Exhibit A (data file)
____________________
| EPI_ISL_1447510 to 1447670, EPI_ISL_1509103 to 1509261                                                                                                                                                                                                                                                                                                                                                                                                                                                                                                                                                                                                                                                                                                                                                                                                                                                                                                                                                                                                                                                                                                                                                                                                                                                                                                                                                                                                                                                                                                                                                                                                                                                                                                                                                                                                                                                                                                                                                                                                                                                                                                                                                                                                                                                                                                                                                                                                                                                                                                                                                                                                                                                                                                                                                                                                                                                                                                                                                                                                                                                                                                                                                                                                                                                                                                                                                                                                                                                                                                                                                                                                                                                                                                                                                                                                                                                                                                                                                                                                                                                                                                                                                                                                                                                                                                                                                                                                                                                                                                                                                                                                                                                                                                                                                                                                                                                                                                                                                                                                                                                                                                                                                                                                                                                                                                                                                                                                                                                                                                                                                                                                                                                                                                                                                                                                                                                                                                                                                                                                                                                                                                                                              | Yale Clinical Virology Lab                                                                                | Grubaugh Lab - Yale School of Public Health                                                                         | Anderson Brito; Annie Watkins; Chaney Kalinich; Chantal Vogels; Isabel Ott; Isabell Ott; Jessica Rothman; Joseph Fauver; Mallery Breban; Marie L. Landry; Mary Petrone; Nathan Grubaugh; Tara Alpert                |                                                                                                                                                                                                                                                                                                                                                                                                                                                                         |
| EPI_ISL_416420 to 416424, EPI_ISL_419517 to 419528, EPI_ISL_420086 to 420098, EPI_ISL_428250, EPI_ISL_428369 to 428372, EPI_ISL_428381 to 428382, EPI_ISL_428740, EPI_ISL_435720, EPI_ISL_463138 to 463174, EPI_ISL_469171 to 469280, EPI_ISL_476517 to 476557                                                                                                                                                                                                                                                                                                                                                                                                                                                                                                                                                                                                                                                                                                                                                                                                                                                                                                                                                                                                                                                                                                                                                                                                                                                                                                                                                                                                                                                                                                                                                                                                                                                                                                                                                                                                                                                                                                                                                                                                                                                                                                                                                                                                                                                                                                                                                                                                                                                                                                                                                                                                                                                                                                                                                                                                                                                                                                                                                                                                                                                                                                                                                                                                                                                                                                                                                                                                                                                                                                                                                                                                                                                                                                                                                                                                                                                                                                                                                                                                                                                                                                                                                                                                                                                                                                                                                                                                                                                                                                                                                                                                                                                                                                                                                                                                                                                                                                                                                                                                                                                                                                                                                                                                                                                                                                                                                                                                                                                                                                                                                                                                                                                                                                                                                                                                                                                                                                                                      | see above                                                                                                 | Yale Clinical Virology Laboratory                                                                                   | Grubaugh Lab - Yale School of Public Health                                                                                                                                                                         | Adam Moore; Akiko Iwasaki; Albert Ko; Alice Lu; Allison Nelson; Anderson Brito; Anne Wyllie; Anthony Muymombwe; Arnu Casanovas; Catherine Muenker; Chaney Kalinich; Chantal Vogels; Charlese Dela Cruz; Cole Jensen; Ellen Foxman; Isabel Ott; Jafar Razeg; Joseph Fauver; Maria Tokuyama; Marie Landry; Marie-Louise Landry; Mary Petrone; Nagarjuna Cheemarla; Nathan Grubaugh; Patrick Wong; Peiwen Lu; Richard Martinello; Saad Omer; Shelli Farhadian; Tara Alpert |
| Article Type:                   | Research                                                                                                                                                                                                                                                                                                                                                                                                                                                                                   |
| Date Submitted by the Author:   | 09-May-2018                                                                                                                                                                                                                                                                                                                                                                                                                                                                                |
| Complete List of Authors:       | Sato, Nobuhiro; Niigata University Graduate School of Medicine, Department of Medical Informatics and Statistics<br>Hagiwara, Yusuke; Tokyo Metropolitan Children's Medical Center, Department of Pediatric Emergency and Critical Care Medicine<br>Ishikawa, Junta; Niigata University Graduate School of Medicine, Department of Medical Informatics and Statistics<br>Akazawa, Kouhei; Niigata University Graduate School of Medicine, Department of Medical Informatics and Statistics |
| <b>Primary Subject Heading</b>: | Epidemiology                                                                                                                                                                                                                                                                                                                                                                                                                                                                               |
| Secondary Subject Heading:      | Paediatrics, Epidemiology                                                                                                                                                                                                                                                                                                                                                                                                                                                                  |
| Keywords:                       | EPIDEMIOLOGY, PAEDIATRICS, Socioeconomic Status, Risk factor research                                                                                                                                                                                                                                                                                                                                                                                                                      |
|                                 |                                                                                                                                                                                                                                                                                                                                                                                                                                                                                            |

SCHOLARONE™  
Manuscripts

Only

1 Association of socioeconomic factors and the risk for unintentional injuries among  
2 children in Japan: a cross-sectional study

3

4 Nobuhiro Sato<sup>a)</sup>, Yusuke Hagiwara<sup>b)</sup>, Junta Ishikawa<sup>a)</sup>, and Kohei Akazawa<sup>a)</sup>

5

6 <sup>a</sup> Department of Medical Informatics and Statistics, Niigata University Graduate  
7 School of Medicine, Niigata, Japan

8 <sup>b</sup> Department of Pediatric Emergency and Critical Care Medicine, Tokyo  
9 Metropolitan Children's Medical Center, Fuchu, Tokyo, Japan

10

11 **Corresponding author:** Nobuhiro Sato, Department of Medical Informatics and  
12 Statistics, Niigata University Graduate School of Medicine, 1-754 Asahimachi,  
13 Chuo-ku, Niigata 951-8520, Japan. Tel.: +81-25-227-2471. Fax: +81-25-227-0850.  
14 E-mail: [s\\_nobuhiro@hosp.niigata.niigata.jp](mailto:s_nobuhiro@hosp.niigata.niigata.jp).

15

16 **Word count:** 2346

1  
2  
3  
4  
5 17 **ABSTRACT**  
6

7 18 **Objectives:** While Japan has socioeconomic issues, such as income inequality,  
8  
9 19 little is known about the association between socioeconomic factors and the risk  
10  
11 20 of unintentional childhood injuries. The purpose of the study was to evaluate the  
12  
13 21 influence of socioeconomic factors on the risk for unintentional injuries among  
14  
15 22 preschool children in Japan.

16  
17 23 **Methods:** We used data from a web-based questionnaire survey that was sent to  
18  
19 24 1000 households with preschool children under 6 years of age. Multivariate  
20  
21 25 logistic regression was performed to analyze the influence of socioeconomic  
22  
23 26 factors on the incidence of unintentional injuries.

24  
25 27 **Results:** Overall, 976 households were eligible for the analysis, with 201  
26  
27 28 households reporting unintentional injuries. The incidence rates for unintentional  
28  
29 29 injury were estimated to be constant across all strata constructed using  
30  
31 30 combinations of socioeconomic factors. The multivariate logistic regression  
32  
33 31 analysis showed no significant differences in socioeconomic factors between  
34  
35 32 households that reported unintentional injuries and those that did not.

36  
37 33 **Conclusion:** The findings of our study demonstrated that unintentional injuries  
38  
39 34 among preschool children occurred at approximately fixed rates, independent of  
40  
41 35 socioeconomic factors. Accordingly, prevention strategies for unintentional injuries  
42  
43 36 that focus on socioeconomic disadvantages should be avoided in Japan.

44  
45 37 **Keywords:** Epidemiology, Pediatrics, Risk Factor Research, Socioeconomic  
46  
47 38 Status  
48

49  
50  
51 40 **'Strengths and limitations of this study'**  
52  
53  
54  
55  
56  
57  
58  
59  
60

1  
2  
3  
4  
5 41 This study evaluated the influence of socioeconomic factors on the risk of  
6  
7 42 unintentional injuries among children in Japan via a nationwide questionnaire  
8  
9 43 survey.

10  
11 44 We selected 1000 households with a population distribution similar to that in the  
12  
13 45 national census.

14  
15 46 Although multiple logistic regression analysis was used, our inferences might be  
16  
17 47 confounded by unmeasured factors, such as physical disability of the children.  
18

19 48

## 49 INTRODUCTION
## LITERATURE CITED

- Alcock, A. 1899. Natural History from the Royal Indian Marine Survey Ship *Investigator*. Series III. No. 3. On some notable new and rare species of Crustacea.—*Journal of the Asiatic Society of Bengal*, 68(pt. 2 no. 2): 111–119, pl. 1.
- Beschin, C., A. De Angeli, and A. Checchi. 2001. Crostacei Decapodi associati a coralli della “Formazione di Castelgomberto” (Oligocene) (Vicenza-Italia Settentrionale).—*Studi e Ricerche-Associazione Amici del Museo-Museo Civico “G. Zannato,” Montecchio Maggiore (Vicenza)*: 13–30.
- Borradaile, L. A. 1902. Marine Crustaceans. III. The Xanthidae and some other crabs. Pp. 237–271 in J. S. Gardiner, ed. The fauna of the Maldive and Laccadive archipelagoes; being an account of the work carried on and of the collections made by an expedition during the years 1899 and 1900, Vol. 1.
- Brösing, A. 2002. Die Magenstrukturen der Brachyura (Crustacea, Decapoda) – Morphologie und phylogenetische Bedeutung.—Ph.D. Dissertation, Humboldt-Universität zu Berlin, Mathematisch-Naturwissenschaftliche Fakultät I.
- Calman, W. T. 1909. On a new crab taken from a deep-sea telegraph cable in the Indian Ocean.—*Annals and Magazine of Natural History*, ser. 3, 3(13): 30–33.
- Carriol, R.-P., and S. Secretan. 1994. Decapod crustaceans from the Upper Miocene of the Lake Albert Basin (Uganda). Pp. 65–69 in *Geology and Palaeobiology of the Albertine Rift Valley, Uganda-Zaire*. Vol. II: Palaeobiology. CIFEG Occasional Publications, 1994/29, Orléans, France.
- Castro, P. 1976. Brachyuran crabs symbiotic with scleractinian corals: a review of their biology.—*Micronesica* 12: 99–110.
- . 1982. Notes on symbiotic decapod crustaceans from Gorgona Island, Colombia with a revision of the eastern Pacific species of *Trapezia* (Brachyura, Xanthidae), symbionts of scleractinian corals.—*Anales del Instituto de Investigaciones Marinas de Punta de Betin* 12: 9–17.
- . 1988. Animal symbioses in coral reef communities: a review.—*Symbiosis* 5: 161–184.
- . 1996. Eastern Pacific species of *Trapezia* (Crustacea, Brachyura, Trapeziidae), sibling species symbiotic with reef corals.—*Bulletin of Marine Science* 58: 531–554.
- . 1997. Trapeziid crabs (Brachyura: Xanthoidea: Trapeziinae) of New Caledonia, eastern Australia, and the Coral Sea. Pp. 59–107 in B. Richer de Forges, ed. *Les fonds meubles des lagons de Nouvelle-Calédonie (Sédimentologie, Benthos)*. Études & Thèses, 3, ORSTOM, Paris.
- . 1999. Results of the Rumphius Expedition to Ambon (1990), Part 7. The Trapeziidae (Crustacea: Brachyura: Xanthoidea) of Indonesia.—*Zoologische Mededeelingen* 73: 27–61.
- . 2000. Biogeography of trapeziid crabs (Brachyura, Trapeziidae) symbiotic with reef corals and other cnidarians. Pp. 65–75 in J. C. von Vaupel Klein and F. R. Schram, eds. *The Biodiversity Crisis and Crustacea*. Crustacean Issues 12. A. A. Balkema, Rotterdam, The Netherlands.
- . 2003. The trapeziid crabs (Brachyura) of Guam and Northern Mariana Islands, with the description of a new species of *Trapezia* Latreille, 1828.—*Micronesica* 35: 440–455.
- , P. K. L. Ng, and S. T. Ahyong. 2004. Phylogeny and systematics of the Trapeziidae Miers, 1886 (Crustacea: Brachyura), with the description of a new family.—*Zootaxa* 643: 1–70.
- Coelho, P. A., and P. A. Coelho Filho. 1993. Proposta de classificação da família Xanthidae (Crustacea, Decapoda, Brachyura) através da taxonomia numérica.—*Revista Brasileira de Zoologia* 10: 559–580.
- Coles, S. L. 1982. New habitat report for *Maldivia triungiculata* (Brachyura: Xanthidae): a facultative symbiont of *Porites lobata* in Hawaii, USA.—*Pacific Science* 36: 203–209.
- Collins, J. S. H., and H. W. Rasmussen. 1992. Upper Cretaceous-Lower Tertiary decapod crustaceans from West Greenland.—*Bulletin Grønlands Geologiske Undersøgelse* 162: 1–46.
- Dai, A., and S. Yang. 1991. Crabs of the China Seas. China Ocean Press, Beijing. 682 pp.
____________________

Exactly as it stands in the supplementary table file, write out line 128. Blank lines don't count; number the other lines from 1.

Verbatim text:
- Dai, A., and S. Yang. 1991. Crabs of the China Seas. China Ocean Press, Beijing. 682 pp.